Making bricks from slag

22/10/1898 – St Andrews Citizens – The utilisation of slag – A German brick making patent. An official German report, just published, contains particulars of a new process of making building bricks from furnace slag. Hitherto many attempts have been made to utilise the slag, but all have been more or less a failure, and the result has been that ironmasters have had to procure ground in the neighbourhood of their works, often at enormous cost, on which to store the useless material. In Middlesbrough brick-making from slag has been going on for many years, the brick being principally used for street-paving purposes, its permeability rendering it almost useless for building. The new process is said to overcome this difficulty. The slag is first broken up and then passed through water. This causes disintegration, the silica being separated in a soluble condition, and as such, hardens in the air and combines readily with caustic lime. The slag grains are next compressed with the silica, and by the addition of about 10 per cent, of burned or slaked lime, the subsequent hardening is facilitated, six or eight days being sufficient. The quality of the brick thus produced is said to be very much superior to the ordinary burned clay brick. The strength is seven times greater, and it has a much higher resistance to heat. Although it is five times as permeable as the ordinary burned brick, it does not absorb water so readily. In a test burned brick filled its pores with water in twelve hours, while a slag brick required 190 hours. The best kind of slag for the new brick is that produced in the making of forge, Thomas and Bessemer pig-iron, and of those kinds of slag, there are thousands of tons in the neighbourhood of all the Scottish ironworks, which can be had at present practically for the taking away. If the process is successful and there is good demand for the bricks, ironmasters might turn their attention to the new industry, but it would have practically no effect on the price of pig-iron.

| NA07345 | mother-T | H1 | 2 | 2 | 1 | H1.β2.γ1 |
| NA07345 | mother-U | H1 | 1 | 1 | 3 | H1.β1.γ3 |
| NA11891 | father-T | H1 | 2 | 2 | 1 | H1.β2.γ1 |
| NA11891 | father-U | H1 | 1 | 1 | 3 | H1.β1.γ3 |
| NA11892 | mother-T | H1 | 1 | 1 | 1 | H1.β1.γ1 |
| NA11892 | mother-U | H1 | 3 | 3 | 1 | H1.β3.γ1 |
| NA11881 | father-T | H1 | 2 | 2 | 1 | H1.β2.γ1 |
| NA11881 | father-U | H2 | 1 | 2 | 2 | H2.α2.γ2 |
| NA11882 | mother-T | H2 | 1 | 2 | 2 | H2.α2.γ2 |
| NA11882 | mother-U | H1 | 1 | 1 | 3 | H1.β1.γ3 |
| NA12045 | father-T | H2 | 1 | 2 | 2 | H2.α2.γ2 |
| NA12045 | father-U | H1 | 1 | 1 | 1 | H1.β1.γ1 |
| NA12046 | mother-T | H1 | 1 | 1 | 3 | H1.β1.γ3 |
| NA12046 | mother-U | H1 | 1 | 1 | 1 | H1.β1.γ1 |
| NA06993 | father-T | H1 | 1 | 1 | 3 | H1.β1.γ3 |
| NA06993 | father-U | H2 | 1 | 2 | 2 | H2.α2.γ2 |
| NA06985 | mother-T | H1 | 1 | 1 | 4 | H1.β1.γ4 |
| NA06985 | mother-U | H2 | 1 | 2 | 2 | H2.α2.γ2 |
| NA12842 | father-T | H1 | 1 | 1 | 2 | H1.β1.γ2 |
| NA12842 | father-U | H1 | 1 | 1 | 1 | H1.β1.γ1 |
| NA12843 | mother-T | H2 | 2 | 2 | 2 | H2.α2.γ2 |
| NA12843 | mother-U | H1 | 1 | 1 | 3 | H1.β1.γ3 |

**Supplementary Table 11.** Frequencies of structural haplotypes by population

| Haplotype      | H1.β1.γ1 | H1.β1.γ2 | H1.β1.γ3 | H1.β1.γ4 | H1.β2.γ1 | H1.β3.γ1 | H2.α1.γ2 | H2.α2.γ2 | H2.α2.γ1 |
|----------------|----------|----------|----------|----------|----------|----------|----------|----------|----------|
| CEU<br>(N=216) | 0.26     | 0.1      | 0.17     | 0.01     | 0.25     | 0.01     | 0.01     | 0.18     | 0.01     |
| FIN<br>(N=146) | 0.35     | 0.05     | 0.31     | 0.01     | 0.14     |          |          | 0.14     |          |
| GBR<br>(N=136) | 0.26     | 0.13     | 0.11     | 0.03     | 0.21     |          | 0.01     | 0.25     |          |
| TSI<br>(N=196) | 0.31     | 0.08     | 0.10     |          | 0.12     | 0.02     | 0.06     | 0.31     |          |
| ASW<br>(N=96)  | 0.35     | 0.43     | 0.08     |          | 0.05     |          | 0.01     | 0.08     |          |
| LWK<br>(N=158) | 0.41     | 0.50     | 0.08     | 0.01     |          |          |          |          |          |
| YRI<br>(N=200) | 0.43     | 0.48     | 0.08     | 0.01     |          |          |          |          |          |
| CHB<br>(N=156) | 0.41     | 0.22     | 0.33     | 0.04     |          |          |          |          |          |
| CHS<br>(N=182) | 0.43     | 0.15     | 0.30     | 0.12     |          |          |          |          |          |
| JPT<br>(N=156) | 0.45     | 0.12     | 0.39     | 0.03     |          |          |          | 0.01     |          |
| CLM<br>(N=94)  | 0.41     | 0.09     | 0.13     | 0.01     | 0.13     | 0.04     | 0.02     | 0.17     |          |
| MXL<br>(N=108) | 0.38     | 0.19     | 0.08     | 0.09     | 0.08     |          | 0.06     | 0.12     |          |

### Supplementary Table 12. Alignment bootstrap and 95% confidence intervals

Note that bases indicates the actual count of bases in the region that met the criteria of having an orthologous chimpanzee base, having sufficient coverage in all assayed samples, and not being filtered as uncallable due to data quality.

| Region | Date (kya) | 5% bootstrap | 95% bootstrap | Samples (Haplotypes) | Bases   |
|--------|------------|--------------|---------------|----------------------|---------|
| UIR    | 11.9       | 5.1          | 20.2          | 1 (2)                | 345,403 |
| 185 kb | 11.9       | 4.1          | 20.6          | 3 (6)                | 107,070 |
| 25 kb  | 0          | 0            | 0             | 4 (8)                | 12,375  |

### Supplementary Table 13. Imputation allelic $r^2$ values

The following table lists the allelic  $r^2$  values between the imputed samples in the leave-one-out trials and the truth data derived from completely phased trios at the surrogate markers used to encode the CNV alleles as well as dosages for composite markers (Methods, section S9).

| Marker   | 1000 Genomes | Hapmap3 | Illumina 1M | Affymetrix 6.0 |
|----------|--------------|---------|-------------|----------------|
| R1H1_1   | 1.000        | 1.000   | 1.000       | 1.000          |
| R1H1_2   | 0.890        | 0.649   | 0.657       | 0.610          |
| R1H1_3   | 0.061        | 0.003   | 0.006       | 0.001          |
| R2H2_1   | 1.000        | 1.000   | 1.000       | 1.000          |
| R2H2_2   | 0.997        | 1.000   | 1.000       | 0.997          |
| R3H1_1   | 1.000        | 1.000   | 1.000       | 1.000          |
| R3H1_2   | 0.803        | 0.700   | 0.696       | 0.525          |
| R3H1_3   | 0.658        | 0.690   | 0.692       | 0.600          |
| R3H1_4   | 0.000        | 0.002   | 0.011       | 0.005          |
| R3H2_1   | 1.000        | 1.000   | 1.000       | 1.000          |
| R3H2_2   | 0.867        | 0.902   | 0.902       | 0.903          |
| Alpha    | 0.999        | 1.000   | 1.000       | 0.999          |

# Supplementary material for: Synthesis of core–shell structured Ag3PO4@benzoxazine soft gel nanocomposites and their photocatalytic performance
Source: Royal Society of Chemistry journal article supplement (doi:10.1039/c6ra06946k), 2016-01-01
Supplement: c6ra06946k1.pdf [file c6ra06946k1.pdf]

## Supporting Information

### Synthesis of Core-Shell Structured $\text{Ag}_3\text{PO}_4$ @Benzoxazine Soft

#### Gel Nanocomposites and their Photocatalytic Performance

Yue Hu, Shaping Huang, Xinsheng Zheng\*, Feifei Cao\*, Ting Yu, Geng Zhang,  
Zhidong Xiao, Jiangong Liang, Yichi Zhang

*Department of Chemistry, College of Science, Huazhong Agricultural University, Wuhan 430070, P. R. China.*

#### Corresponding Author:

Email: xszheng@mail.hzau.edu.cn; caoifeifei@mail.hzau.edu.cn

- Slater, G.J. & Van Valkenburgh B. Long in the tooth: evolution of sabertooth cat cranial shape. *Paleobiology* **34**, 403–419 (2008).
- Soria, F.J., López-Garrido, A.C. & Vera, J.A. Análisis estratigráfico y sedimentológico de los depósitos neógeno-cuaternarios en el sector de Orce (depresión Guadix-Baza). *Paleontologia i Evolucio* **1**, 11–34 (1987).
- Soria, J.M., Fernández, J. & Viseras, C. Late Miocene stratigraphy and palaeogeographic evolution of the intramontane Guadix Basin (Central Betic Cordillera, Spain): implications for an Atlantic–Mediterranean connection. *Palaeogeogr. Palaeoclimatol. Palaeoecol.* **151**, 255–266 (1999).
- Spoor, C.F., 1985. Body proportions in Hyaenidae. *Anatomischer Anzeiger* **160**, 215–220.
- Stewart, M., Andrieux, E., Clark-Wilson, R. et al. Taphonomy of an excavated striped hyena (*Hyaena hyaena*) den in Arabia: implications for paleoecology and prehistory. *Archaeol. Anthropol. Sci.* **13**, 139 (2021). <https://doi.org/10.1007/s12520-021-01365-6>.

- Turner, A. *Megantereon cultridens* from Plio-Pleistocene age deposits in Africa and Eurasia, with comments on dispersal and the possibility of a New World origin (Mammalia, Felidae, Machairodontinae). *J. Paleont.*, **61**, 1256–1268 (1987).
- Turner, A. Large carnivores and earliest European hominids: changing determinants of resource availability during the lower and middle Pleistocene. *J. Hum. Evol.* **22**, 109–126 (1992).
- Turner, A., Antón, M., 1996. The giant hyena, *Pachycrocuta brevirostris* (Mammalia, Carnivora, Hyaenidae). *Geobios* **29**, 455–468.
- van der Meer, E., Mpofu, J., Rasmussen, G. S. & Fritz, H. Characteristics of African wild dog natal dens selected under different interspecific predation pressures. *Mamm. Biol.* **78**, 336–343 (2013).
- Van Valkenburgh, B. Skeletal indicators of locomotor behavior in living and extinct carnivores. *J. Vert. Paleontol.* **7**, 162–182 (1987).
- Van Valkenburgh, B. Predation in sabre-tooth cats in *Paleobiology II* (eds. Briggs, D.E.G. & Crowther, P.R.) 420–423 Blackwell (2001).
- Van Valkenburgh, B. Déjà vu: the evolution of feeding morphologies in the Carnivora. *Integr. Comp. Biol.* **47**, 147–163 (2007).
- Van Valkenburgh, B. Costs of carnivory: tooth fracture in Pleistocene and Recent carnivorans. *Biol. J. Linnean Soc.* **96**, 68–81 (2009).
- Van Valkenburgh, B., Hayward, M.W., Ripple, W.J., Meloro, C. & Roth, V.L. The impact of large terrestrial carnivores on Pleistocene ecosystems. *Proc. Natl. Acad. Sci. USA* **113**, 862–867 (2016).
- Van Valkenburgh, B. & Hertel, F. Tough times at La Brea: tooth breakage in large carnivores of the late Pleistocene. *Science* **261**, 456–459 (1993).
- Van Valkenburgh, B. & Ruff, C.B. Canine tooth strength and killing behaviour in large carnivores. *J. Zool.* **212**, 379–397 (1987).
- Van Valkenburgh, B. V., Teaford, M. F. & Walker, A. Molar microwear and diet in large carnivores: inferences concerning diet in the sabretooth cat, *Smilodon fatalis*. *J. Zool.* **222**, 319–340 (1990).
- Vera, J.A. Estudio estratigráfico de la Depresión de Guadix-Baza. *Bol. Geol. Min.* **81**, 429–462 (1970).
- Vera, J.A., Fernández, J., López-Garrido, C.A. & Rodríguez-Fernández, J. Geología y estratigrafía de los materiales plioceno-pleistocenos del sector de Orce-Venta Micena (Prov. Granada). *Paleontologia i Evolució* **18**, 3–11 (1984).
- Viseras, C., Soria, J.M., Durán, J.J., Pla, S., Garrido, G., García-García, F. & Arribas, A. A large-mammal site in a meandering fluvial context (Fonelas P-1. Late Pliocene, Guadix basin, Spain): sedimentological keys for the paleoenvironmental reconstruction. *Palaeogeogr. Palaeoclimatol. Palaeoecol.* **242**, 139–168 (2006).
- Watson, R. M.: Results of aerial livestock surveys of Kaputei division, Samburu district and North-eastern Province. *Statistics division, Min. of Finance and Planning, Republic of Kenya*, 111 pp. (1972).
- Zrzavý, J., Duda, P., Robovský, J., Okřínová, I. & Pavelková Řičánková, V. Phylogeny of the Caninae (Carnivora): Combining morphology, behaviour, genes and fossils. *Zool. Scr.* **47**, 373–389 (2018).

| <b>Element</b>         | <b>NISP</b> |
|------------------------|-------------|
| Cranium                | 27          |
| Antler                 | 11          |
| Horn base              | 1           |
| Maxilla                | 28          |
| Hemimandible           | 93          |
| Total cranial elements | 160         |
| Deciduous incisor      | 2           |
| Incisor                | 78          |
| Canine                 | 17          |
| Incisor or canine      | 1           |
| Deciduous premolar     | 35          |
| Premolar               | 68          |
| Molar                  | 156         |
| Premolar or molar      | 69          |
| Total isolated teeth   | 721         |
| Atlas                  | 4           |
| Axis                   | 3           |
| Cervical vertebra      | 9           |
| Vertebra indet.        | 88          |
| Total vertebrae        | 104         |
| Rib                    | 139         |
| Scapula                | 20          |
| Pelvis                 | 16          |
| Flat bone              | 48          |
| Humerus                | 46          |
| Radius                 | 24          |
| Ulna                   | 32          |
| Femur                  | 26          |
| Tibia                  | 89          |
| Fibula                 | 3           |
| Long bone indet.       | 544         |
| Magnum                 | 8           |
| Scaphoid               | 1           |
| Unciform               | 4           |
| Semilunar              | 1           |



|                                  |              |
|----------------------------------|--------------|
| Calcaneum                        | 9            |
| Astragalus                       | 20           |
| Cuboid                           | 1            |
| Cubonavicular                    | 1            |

Below – 19/11/1898 – The Scotsman – Eugene Langen. Friedrichs Wilhem mine, Siegberg, Westphalia.






1921 – 1941 – Numerous references of bricks being manufactured from slag by the Slag Brickmaking Plant, Shotts Ironworks

1940 – 1961 – Numerous references of bricks being manufactured from slag by David Colville and Sons, iron and steel makers, Motherwell, North Lanarkshire in partnership with Messrs. Clugston Cawood. Ltd.

28/10/1940 – The Scotsman – Brickmaking from slag. Alongside suggestions which have been made that blast furnace slag, should be used in the manufacture of cement, proposals have been put forward to utilise slag for brick-making. As with blast furnace slag cement, the production of slag bricks is an old story in Scotland. The Shotts Iron Co ., Ltd ., has long turned out blast furnace slag bricks, though it does not engage in cement manufacture. The basis is granulated slag, the gravel-like material produced by running the molten slag from the blast furnace into a stream of water. In brick-making, the granulated slag is pressed in steam-heated moulds, without the kiln burning, which is a feature of ordinary brick production. After weathering for several months, the bricks are ready for use. The whole process is, of course not quite so simple as all that, as care has to be taken in getting the right quality of slag and recent changes in the types of ores used in the blast furnaces have posed certain problems. Though they have been the butt of many criticisms in past years, the Scottish blast furnace operators have in fact pioneered many forms of by-product utilisation. When they introduced methods of recovering by-products from splint coal-fed blast furnaces in the early seventies of last century, they showed the way for the development of by-product coke ovens. In essence, the full utilisation of by-products depends on local conditions, and especially on the raw materials available. No universal rule can be laid down as to what can and what cannot be recovered. Certain slags may be quite useless for cement or brick-making it all depends on the compound nature of the material; for instance, the proportion of lime, silica, or alumina.


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